The Incertitude of Red Cheeks

Jack Robinson and Natalia Zagórska-Thomas, Blush

CB Editions, 64pp, £10.00, ISBN 9781909585287

reviewed by Will Forrester

In ‘Betraying Appearances’ (1997), WA Cohen’s excellent review of Mary Ann O’Farrell’s Telling Complexions: The Nineteenth-Century English Novel and the Blush (1997), Cohen leans on O’Farrell’s attentiveness to the relationships between the somatic and the semantic to belabour a point. He talks about words in English whose meanings contradict, suggesting the most ‘beguiling’ of these is the verb belie: ‘To belie is to expose a falsehood; it is also, however, to disguise truth behind a falsehood’. He goes on:

‘It can be no accident that a term so affiliated with embarrassment – an emotional state itself indicative of a contradiction between deep feeling and superficial appearance – arouses kindred feelings of shame in writers who attempt to use it.’

The small but energetic field of literary and cultural criticism on the phenomenon of blushing – of which Telling Complexions is a foundational part – has its own embarrassment: O’Farrell, like Elspeth Probyn in Blush: Faces of Shame (2005), struggles to move successfully from an astute survey of what blushing means in 18th- and 19th-century society, physiology and literature to a more contemporary exploration of bodies, sexuality and shame. These books, like most critique on blushing, are embarrassing to read both because they discuss taboo, clandestine things and because they do so awkwardly when they arrive at the contemporary.

Blush, an interdisciplinary collaboration between Jack Robinson and Natalia Zagórska-Thomas, seems to promise something new for blushing in contemporary times. Unlike conventionally analytic studies that falter when they reach the 20th century, Blush’s visual and textual explorations quietly pledge to beguile, belie, play around with, and generally embody the contradictory shamefulness and shamelessness bound up in a modern-day hot red cheek. The book’s jacket copy might reference Darwin (as blushing critics invariably do), but its two epigraphs have something more disruptive in them. One, from Elizabeth Taylor (the writer), rent from its context in the 1956 short story ‘The Blush’ becomes about a woman interrogating her own blushing body in a mirror; the other, from Phillip Roth, asks ‘What embarrasses you? Tell me. Do you even know?’ In more frontmatter, the nature of the collaborative work is explained:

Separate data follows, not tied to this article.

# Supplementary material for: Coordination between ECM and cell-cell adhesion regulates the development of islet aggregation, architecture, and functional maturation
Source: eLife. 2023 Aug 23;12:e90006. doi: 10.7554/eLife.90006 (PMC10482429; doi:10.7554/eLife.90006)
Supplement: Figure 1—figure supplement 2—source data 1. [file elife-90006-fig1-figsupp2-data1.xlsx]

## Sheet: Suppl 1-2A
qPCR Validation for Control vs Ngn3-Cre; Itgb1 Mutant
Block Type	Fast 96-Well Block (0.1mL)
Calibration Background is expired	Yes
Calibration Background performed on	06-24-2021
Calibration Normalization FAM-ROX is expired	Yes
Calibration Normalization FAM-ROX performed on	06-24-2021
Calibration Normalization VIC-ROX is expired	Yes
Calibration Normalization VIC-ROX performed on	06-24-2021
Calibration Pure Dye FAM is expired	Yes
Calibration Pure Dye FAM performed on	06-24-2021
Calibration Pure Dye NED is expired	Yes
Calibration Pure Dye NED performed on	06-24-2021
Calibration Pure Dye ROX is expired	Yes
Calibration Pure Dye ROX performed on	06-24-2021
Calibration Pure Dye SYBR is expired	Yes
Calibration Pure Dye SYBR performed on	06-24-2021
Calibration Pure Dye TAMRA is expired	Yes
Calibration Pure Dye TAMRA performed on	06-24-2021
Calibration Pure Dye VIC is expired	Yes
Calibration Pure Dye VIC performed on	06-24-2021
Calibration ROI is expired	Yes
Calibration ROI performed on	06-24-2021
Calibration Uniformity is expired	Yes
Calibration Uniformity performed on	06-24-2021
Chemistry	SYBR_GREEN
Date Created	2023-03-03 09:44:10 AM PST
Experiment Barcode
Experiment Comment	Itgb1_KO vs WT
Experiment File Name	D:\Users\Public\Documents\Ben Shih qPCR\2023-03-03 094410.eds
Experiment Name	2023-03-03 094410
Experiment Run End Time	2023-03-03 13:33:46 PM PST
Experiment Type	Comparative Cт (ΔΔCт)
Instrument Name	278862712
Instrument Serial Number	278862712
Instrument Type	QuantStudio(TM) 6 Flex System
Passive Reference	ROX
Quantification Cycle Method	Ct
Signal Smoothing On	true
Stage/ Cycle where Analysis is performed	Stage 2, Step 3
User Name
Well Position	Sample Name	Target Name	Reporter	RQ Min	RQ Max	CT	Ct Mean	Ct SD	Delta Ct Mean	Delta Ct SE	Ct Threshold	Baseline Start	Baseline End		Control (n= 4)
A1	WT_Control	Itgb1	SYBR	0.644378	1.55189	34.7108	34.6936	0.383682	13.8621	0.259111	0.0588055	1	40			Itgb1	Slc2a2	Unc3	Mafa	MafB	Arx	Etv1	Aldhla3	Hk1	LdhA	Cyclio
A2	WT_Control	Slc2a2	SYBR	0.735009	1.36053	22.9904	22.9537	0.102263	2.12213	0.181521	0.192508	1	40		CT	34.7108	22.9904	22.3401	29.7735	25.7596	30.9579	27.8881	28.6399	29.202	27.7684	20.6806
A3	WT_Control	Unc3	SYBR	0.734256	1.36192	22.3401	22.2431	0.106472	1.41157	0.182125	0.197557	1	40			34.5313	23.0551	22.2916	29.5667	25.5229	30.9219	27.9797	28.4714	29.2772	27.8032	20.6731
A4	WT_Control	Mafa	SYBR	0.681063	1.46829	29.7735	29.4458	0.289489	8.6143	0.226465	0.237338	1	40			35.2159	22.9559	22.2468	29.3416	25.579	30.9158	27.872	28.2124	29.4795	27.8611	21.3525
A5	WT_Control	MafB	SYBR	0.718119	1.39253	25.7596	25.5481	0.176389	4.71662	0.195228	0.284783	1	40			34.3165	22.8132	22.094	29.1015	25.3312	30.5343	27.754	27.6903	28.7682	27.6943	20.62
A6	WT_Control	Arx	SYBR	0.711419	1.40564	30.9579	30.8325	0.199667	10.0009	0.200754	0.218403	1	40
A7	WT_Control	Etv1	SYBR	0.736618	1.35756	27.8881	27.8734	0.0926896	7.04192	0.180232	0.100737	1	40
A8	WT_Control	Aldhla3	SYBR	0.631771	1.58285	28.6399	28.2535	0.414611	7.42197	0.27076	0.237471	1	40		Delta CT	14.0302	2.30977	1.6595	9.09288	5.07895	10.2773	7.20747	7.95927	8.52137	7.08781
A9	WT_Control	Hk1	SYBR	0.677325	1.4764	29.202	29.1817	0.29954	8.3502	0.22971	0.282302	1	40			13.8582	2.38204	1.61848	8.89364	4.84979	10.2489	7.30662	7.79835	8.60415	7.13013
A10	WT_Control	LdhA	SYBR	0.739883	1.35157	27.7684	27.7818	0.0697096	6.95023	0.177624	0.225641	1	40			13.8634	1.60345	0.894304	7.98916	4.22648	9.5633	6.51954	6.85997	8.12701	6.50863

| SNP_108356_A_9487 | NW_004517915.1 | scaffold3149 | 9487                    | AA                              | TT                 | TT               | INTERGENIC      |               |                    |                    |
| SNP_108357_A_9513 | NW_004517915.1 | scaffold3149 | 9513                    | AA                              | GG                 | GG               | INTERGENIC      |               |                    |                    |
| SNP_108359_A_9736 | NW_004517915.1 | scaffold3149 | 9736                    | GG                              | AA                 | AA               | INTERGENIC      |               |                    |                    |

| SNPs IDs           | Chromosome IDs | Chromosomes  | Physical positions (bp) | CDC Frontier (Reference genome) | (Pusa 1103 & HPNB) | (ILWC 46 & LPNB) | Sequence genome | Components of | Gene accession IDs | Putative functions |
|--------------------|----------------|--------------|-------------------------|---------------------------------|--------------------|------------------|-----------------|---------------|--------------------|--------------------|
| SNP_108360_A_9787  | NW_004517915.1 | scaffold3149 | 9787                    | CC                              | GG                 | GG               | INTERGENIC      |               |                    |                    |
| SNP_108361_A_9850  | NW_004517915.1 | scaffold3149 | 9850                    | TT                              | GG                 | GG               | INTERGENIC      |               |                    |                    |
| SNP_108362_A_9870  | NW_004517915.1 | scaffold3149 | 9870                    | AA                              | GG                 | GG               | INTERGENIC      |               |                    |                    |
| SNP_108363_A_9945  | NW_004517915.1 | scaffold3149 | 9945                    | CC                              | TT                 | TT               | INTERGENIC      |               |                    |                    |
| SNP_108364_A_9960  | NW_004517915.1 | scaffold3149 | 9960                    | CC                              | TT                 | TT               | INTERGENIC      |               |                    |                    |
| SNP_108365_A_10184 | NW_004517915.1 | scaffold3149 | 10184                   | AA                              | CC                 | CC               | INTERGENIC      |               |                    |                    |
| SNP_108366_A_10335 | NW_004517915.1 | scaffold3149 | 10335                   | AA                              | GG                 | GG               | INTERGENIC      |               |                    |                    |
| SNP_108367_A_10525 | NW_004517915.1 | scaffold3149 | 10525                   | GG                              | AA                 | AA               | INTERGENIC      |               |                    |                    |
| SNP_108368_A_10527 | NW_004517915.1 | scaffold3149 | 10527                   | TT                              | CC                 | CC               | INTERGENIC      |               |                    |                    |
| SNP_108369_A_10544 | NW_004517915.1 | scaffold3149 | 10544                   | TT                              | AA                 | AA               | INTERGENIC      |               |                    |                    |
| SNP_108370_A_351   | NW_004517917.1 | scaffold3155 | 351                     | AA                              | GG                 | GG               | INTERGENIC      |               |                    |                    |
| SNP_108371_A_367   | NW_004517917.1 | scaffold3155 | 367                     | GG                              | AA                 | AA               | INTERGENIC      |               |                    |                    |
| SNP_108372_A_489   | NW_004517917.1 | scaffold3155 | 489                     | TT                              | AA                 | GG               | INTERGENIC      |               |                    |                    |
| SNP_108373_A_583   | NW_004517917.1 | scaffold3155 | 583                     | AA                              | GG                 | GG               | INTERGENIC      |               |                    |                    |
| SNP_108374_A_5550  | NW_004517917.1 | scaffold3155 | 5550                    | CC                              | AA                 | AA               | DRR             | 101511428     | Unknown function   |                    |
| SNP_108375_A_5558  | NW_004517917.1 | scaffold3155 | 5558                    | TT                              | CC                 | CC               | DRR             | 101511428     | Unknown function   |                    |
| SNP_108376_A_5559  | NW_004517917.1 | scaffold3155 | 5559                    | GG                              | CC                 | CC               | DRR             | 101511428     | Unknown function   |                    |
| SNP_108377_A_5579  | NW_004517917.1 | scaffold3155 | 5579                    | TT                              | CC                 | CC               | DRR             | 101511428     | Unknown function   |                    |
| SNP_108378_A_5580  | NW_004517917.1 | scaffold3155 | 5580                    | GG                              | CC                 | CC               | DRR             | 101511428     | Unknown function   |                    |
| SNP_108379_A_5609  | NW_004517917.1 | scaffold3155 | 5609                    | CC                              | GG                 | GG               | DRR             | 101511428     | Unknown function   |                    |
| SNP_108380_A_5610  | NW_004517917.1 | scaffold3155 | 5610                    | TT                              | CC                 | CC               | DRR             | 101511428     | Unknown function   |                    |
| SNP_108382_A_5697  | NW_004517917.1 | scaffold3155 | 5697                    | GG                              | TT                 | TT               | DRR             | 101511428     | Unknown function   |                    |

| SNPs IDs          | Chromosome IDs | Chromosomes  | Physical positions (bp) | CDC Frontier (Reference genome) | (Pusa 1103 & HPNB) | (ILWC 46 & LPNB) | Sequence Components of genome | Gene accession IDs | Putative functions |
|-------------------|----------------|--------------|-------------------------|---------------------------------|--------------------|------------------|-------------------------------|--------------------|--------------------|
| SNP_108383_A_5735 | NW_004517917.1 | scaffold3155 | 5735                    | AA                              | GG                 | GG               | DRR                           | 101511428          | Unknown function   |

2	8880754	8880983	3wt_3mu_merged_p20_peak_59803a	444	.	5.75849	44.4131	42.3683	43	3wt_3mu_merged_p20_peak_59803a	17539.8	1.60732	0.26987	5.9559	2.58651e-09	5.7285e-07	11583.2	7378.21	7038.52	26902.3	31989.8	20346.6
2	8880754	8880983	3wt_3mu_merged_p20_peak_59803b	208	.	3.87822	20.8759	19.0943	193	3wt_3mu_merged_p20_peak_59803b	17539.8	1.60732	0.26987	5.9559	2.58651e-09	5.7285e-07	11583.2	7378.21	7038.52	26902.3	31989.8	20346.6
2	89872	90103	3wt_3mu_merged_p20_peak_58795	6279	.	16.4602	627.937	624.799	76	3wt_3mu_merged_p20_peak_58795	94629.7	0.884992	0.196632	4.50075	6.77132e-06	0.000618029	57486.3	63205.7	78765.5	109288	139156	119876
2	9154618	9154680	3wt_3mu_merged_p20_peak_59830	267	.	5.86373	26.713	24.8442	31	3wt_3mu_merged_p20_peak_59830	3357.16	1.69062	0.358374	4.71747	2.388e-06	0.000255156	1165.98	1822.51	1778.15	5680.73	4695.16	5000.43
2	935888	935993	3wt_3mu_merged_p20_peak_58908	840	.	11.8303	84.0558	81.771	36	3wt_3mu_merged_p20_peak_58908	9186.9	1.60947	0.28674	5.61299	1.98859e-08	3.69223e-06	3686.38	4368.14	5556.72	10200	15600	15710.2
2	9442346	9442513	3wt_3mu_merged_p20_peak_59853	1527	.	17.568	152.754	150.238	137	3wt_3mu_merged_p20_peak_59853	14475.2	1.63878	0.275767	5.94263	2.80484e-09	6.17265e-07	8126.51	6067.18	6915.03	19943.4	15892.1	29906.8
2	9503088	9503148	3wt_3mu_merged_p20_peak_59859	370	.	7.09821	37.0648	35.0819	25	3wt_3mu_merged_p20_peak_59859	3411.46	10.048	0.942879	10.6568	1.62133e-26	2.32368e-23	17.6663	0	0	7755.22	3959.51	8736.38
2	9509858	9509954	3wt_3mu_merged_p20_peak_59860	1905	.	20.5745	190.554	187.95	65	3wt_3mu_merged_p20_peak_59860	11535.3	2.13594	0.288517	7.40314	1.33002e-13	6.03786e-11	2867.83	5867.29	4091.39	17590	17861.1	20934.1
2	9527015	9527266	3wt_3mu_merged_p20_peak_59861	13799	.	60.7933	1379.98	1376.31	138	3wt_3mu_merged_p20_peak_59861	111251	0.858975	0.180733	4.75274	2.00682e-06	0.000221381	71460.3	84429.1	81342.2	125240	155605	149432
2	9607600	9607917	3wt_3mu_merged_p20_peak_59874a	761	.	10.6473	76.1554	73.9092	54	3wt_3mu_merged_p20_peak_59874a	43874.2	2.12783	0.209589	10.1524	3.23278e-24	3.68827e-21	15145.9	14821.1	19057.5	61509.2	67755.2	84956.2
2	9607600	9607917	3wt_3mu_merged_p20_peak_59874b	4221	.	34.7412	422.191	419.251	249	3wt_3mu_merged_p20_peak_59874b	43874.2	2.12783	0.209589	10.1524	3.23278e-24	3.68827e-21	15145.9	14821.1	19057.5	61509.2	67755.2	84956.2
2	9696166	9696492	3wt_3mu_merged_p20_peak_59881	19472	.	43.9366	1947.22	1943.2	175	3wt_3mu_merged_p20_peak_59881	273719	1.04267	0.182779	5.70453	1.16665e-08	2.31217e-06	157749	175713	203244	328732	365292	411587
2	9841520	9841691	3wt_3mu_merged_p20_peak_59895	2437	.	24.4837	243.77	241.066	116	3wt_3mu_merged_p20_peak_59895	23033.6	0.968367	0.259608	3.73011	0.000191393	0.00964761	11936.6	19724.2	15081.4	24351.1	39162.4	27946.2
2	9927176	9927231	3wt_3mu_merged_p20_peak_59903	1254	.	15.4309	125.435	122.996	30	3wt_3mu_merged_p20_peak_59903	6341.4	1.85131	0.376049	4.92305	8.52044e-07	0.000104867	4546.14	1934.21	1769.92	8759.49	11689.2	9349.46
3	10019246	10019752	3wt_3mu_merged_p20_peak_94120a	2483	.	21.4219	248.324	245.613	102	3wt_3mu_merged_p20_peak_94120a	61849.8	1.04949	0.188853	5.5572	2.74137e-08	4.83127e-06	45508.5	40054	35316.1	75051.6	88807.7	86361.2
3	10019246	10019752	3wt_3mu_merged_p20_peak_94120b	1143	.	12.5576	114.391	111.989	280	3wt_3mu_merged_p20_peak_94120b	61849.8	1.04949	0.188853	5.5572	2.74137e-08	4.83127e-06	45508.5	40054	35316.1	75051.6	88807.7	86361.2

‘Images here are not illustrations, nor are texts captions: they arrived here through talk, which is sallies and parries and all measure of misunderstanding.’

This tells us a little of the book’s intention: this is as much formally experimental art and social commentary as it is cultural criticism; through their ‘misunderstandings’, the slippery meanings of Zagórska-Thomas’s images and Robinson’s text belie the slippery contradictions of the blush with its simultaneous modesty and desire, voluntariness and involuntariness, affect and effect, innocence and guilt.

The first page lives up to the promise: a line of text talks about ‘a chink, a gap, a little slippage . . . where the blush gets in’, under which a photo – of an open door in darkness with a pink wall through it reflecting back onto a shiny floor – slips off the edge of the page. Overleaf, we’re reminded that the book isn’t just about Darwin’s era: ‘Unless I’m looking in a mirror or taking a selfie, I cannot see myself blush’, Robinson says, above which Zagórska-Thomas’s photograph from the Polish National Museum of Art, taken on an iPhone, shows a figure dressed in historical clothing with her face covered in what looks like pink spandex.